Friday, September 21, 2012

7 Quick Takes (Vol 9): Are Introverts Dangerous?


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I get a fair number of hits from people searching "are introverts dangerous?" and landing on this post, in which I described pitfalls of being an introvert. That doesn't answer their question, though. I assume they're not looking for personal struggles of introverts, but want to know how to spot the next shooter before it happens. Should introverts be viewed with suspicion?

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To answer this, it is useful to know some psych definitions. For starters, what is an introvert? An introvert is someone who recharges by attending to his or her "inner world." An introvert enjoys time alone to daydream, plan, analyze life, and assess his own well-being. Introverts enjoy socializing, too, but this requires use of energy. Attending a party is sort of like playing an energetic game of basketball - fun, but tiring if it goes too long or happens too often.

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An extrovert, on the other hand, thrives on interpersonal relationships. He recharges by engaging in dialogue, sharing ideas, debating issues, and collaborating on meaningful projects. Extroverts enjoy solitude, too, but in moderation. While they can enjoy a lull in activity, they are anticipating the next event. (My extroverted husband says too much solitude is like your game getting rained out. Video games are fun, but you wanted to play baseball.)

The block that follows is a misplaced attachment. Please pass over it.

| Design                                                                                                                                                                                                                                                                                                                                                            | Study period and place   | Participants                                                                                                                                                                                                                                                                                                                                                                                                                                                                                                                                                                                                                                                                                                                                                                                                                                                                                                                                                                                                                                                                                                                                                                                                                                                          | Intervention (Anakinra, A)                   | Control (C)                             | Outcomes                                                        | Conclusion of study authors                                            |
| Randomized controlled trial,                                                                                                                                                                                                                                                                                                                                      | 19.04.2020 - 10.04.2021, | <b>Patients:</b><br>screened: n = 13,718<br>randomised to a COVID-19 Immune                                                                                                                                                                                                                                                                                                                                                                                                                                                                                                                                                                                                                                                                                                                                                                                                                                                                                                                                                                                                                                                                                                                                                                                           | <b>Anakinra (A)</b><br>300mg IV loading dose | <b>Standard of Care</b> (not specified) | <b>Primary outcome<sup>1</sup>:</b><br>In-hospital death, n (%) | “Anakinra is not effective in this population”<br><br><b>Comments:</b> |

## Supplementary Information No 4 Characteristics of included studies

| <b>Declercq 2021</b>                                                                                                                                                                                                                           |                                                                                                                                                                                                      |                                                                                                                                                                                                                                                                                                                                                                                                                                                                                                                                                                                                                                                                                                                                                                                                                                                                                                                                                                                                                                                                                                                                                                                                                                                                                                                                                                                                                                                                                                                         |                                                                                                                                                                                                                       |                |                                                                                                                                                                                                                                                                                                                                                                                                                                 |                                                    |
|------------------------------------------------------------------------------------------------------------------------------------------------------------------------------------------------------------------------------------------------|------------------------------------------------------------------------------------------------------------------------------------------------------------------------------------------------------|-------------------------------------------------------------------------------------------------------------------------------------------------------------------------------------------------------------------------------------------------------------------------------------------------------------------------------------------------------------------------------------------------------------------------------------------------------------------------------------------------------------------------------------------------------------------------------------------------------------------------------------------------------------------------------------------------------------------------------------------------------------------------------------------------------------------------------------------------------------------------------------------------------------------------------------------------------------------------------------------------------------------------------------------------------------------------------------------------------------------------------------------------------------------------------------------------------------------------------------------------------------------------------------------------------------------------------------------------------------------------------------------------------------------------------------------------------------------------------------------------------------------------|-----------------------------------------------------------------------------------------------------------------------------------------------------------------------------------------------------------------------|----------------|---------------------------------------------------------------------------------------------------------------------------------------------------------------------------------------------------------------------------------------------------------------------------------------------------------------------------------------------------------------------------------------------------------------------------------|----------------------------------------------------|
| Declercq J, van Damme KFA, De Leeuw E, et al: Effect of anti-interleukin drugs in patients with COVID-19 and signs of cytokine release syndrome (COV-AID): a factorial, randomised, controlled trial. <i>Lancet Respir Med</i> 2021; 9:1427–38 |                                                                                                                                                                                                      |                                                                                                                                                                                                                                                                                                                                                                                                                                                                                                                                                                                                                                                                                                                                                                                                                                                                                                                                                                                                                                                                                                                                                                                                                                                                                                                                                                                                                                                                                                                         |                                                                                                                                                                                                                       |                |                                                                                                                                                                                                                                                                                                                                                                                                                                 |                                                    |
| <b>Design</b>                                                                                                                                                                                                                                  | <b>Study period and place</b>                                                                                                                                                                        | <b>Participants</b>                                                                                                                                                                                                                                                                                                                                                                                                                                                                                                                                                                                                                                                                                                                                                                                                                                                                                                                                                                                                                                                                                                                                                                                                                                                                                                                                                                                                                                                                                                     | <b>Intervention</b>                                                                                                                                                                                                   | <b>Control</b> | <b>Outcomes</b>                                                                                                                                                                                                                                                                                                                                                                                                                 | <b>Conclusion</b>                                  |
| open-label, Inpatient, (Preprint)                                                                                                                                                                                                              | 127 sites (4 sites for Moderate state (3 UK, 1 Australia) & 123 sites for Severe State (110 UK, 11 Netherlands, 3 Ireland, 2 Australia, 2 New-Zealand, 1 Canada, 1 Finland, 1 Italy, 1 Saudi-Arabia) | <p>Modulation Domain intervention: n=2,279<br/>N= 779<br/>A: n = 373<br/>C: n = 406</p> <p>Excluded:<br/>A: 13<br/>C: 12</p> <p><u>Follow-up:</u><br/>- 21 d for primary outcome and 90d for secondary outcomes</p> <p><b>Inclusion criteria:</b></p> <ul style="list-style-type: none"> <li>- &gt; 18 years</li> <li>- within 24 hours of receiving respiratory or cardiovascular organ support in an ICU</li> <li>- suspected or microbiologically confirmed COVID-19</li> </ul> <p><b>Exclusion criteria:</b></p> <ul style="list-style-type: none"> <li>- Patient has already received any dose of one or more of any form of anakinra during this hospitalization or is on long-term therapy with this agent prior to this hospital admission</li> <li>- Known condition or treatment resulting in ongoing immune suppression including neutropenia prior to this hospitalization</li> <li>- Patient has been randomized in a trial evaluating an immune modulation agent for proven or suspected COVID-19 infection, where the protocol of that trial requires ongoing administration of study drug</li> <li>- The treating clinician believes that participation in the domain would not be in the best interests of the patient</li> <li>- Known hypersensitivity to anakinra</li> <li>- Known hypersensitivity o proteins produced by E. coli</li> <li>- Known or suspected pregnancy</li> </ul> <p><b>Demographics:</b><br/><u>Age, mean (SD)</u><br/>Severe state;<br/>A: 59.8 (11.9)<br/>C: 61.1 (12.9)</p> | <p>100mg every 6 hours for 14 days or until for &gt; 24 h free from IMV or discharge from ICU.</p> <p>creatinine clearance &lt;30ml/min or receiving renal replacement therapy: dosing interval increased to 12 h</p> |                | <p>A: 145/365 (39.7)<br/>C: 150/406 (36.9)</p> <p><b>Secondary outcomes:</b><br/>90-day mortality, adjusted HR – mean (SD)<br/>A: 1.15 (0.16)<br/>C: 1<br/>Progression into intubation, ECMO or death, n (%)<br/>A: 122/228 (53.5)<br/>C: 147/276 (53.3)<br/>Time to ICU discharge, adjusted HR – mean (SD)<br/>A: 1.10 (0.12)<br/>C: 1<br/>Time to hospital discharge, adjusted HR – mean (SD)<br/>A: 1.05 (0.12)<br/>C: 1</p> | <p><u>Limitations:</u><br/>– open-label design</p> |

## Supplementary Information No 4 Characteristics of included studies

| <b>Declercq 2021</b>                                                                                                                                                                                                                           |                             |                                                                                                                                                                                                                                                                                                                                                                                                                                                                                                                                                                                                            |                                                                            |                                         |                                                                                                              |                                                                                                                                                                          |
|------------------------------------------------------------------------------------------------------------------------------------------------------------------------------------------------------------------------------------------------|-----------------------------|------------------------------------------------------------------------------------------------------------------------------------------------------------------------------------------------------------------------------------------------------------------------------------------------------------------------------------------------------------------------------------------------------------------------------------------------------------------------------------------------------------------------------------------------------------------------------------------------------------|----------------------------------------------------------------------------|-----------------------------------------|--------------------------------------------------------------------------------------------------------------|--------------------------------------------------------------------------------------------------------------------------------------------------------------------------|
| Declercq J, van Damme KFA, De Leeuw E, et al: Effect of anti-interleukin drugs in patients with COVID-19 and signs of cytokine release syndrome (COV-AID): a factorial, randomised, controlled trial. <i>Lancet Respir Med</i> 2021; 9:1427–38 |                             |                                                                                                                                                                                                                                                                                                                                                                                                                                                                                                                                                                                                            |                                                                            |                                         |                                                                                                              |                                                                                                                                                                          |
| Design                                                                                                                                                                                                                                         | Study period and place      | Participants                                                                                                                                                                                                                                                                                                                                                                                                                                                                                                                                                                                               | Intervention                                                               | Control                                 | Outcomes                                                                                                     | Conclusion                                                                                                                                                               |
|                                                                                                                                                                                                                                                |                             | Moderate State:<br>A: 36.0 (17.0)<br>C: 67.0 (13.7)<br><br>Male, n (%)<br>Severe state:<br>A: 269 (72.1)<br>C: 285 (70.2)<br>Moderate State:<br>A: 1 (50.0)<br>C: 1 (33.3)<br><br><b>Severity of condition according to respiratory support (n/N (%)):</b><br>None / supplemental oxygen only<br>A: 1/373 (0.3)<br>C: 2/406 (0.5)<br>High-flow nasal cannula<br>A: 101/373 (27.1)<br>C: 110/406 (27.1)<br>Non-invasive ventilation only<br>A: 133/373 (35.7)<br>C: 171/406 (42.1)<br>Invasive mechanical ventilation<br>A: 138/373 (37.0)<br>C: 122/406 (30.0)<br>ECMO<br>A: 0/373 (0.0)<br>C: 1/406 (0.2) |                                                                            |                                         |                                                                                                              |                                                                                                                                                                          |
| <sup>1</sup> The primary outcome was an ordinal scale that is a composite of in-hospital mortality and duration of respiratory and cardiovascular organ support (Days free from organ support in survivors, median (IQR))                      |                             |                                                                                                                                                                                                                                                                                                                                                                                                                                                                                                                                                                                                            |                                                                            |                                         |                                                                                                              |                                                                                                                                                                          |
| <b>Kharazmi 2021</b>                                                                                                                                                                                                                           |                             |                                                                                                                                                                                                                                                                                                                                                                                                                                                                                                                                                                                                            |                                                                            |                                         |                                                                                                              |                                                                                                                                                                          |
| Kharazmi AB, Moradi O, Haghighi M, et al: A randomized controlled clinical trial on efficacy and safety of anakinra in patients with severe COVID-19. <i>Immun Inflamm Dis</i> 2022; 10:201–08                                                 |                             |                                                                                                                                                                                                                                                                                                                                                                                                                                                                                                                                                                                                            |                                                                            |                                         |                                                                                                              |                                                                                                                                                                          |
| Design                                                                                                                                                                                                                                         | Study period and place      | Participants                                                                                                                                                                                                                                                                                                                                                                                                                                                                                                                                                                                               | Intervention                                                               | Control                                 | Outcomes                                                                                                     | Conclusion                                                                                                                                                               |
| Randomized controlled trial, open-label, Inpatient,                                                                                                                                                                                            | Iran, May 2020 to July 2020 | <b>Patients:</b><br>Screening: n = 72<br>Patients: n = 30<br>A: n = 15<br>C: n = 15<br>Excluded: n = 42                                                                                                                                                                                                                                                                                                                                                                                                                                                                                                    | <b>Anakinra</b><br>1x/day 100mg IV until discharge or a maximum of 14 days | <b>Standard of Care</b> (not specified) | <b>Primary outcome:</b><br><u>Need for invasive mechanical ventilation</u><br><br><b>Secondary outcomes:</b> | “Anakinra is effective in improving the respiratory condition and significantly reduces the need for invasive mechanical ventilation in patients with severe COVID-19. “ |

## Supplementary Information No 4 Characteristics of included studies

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So how do we distinguish between an introvert and a sociopath? An extreme introvert (like me!) may be described as asocial. To be asocial is to reject social interaction or, in some cases, be incapable of it. When I'm stressed, the last thing I want is to go out and talk with people. I just want to be alone. Unfortunately, in layman's terms this has been equated with being antisocial.

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To be antisocial, from a psychological perspective, is to be a sociopath. Antisocial behavior includes total disregard for the rights of others, destruction of people and property, deceit and manipulation. Tied in with all these behaviors is a lack of remorse for one's actions. There is nothing in the definition of antisocial personality disorder about being introverted.

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Why do we associate loners with killers? I suspect (and this is just my opinion) that it makes us feel better. We remember the cases where neighbors said, "We always knew something was wrong with him. He wouldn't come out for days, never talked to anyone." When the killer's friends and family say, "I don't understand. I never would have suspected him of this," it makes us uneasy. If no one saw it coming, does this mean one of my friends could do something like that?

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So, are introverts dangerous? The short answer is no. Next time your friend opts to stay home instead of hit the bars, you don't need to watch for her face on the evening news.

2 comments:

  1. This explains my recent general lack of contentment. I definitely THRIVE on human interaction and the last place I want to be is a lone with myself. :) It also explains greatly the difference between Peter and Gabriel... as if the picture of Gabriel's hug at the zoo wasn't enough.

    And I never thought of you as sociopathic, BTW. :)

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    Replies
    1. That hug picture is awesome.

      And thanks! Glad I don't give off the creepy vibe. :-)

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